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Ashton Canal
Ducie Street, Piccadilly, to Ashton under Lyne, Manchester, UK
Ashton Canal
associated engineer
Benjamin Outram
date  1791 - 1799
UK era  Georgian  |  category  Canal/Navigation works  |  reference  SJ850981
photo  ICE R&D Fund
Ashton Canal was constructed for the transport of coal from Ashton under Lyne now part of Greater Manchester and Oldham into the center of Manchester, where it terminated originally at what is now James Brindley Basin. Benjamin Outram designed the last half mile into the city, including the canal terminus and warehousing.
Working from the city end, the route of the canal today takes it from Jutland Street, east through Ancoats, Bradford, Openshaw, Fairfield and Audenshaw to Ashton under Lyne. There are junctions with the northern end of the Peak Forest Canal at Portland Basin, and with the western end of the Huddersfield Narrow Canal at Whitelands.
When Outram came to the project in 1797, most of the canal was already constructed. He was responsible for the last half mile, including the Store Street Aqueduct, the canal terminus in a basin south west of Ducie Street (now partly infilled) and the layout of canalside warehousing.
From its western end to Fairfield, the canal is 10.8km long and rises through 18 narrow locks. The stretch from Fairfield to Portland Basin is level and this section was completed in 1796. The connection with the Peak Forest Canal dates from 1800. In 1797, an 8km branch with eight locks was constructed from Daisy Nook (Fairfield) to Hollinwood, and a 1.6km mile private extension called the Werneth Canal ran from there to Old Lane. There is an eastern branch from Daisy Nook to Park Bridge.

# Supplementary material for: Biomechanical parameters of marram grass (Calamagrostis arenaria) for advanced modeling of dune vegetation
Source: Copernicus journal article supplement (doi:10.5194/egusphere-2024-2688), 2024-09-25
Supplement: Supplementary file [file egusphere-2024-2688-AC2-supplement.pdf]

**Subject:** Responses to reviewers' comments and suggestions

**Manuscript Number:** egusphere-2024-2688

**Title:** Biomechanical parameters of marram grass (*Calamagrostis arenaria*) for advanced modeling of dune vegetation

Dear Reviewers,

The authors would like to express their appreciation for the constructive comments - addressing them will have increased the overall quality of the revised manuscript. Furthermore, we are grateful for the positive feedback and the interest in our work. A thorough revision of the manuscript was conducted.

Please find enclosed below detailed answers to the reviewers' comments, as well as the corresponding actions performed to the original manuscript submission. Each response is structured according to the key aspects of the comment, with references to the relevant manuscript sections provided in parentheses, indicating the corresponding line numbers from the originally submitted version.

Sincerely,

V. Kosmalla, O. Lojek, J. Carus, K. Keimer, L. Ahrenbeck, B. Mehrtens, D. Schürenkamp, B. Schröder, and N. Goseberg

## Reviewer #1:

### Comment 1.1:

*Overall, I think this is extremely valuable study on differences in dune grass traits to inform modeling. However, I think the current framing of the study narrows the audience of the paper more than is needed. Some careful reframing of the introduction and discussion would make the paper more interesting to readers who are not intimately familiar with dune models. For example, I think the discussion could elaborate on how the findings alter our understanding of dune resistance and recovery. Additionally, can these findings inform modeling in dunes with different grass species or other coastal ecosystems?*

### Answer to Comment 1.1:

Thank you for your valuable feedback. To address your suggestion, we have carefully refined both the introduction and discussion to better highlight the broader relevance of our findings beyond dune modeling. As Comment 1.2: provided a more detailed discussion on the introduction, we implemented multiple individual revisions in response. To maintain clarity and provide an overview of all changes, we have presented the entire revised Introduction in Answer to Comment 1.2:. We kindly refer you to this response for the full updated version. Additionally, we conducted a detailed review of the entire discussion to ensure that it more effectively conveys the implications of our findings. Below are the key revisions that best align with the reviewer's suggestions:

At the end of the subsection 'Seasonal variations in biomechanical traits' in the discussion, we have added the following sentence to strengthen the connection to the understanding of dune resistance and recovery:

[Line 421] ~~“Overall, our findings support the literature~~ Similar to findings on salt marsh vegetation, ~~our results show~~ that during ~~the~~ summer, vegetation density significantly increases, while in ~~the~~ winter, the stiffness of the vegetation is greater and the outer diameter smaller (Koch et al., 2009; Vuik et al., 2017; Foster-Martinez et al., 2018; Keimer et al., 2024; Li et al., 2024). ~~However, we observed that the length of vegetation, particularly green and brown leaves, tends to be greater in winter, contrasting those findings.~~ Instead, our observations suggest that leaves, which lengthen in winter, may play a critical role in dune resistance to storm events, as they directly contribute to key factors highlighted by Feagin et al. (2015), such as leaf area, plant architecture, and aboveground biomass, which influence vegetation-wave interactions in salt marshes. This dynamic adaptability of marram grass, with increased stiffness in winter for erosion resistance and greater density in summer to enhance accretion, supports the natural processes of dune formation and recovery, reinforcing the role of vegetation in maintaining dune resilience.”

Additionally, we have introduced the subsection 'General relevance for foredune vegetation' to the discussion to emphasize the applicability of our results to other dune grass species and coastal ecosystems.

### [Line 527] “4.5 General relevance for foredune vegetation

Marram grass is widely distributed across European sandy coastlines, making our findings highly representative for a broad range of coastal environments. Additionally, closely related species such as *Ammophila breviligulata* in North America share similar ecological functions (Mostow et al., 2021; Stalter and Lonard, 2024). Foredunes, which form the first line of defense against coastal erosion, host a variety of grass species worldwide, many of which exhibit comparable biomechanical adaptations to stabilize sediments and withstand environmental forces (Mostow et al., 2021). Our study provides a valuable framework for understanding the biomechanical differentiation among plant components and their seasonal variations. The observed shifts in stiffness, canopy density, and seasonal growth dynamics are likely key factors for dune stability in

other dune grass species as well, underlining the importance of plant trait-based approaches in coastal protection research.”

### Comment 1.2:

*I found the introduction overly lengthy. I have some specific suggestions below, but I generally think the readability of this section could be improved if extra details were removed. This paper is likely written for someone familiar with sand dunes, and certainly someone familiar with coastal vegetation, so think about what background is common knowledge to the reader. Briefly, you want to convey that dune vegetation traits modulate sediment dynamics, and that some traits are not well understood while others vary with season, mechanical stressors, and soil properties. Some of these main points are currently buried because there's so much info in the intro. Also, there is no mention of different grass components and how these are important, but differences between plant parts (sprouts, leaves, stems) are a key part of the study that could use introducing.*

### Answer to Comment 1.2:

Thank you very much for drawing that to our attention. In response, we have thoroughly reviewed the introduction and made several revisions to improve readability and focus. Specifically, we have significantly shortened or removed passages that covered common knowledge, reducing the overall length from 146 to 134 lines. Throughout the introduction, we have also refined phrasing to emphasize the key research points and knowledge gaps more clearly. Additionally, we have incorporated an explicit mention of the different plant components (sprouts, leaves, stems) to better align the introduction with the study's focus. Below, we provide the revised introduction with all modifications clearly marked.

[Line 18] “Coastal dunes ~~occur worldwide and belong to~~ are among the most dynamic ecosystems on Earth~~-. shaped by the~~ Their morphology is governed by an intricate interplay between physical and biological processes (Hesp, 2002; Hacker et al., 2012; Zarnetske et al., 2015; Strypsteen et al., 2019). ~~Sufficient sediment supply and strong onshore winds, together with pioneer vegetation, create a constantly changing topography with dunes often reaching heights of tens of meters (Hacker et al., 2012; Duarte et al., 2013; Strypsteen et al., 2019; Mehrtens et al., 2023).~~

A 6.4km long level branch runs via Openshaw, Gorton, Debdale Park and Reddish to Lancashire Hill, Stockport. This branch closed in 1951 and was infilled during the 1960s and 70s. The Hollinwood branch closed in sections and was fully closed by 1961. There are plans to restore and re-open these branches.
Canal traffic on along the various branches petered out in the 1930s and through traffic on the main canal ceased after World War II. Navigation became impossible 1958-61.
However, the main line of the Ashton Canal was restored in stages by volunteers between September 1968 and May 1974. In February 1983, the canal was reclassified as being of Cruising Waterway Standard. Its towpath now forms the Medlock Valley Way and the canal is part of the Cheshire Ring a circular canal route.
Survey for Outram: Thomas Brown
Research: PD
"A Guide to the Industrial Archaeology of Greater Manchester" by Robina McNeil and Michael Nevell, Association for Industrial Archaeology, 2000
reference sources   BDCE1

Ashton Canal